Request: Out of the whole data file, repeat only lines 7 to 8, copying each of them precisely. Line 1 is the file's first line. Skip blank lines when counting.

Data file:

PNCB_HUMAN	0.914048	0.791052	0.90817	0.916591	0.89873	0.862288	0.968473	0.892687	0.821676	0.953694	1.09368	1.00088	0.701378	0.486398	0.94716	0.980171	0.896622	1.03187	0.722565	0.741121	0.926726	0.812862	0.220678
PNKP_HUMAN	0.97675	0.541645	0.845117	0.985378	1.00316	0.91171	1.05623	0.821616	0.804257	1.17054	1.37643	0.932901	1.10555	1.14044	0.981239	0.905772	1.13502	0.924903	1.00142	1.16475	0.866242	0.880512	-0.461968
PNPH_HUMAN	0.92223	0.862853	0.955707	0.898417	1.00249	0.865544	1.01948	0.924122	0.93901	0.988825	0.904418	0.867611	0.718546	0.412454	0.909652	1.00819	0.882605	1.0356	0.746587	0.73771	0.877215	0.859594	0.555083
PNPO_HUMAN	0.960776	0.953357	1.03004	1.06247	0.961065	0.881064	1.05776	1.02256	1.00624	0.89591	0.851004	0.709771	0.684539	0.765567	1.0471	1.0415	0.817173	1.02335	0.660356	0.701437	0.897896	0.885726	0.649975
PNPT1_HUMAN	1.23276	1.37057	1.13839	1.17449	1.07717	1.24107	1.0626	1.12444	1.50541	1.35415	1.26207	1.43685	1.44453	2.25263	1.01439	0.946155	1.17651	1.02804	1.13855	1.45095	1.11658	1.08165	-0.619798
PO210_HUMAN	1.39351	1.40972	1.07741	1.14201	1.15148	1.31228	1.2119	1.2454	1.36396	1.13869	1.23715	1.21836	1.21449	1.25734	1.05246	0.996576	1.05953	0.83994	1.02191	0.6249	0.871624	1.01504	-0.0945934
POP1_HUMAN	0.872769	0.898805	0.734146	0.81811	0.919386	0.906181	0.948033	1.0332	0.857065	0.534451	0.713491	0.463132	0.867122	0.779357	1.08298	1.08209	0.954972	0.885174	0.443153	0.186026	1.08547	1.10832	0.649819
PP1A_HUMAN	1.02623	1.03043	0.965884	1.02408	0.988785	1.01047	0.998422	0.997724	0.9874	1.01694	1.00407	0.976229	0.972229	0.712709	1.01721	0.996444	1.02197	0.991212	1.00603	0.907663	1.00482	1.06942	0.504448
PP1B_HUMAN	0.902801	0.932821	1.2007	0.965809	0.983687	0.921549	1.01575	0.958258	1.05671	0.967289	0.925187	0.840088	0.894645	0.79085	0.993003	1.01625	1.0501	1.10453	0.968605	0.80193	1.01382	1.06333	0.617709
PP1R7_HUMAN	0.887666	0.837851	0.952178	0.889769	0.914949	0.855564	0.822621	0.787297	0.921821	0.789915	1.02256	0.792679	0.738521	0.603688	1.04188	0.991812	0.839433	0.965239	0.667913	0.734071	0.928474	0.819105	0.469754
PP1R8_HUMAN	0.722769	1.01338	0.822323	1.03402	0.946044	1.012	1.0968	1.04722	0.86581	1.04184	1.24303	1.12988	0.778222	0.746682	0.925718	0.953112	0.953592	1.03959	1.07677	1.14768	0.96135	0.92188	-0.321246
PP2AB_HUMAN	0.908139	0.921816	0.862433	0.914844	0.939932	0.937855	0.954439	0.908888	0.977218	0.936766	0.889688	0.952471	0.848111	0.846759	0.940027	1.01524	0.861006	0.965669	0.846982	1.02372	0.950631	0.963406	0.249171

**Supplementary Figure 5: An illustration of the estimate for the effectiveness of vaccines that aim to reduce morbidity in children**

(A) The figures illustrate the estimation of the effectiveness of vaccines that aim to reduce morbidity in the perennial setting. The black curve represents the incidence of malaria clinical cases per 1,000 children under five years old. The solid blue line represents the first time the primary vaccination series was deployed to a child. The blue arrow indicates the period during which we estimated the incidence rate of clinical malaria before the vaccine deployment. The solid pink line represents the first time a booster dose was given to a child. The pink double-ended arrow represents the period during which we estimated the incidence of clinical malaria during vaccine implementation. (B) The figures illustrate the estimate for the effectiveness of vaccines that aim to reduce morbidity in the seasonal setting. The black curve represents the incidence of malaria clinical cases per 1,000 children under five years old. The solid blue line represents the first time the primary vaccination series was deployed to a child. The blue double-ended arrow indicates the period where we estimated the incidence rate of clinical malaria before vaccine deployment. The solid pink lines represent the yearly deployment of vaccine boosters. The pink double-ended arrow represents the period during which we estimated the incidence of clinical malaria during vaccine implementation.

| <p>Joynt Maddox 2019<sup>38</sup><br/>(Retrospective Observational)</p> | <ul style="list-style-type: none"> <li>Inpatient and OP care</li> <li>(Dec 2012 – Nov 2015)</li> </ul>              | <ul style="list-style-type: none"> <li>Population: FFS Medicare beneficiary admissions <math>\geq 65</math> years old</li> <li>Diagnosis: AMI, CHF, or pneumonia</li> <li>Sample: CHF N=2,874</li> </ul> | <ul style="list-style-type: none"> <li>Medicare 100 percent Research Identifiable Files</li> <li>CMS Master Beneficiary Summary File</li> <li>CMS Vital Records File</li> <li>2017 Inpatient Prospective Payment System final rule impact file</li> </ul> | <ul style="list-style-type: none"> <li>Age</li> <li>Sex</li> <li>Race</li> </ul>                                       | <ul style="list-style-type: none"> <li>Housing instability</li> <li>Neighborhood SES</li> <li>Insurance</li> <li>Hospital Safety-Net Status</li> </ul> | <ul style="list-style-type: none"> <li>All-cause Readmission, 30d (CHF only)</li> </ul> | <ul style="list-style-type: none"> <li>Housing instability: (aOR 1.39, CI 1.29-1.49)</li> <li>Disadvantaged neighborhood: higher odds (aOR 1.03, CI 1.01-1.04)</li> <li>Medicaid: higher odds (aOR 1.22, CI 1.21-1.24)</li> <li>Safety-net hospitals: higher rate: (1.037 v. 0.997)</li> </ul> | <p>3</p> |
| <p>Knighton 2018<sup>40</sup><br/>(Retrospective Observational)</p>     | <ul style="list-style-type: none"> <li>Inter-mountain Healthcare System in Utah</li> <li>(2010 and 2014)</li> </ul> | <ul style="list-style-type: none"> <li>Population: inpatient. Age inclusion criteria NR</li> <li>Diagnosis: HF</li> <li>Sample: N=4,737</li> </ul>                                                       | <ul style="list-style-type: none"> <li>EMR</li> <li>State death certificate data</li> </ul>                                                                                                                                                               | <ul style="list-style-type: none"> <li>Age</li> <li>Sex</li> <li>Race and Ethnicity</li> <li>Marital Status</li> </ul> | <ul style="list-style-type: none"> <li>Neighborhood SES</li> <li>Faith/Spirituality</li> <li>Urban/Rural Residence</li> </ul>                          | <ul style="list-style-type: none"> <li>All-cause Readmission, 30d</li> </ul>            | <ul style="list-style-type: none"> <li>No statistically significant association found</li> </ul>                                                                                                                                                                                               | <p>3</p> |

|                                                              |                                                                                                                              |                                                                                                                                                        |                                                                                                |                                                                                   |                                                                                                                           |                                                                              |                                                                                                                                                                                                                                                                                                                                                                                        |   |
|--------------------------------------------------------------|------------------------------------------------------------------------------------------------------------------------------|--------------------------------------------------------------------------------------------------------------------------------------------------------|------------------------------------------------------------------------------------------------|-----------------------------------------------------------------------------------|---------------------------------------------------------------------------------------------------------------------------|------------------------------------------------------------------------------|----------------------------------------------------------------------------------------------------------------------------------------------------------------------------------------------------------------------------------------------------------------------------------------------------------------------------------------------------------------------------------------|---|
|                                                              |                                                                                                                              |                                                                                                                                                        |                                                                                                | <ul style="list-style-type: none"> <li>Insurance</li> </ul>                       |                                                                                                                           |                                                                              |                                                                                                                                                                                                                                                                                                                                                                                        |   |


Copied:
POP1_HUMAN	0.872769	0.898805	0.734146	0.81811	0.919386	0.906181	0.948033	1.0332	0.857065	0.534451	0.713491	0.463132	0.867122	0.779357	1.08298	1.08209	0.954972	0.885174	0.443153	0.186026	1.08547	1.10832	0.649819
PP1A_HUMAN	1.02623	1.03043	0.965884	1.02408	0.988785	1.01047	0.998422	0.997724	0.9874	1.01694	1.00407	0.976229	0.972229	0.712709	1.01721	0.996444	1.02197	0.991212	1.00603	0.907663	1.00482	1.06942	0.504448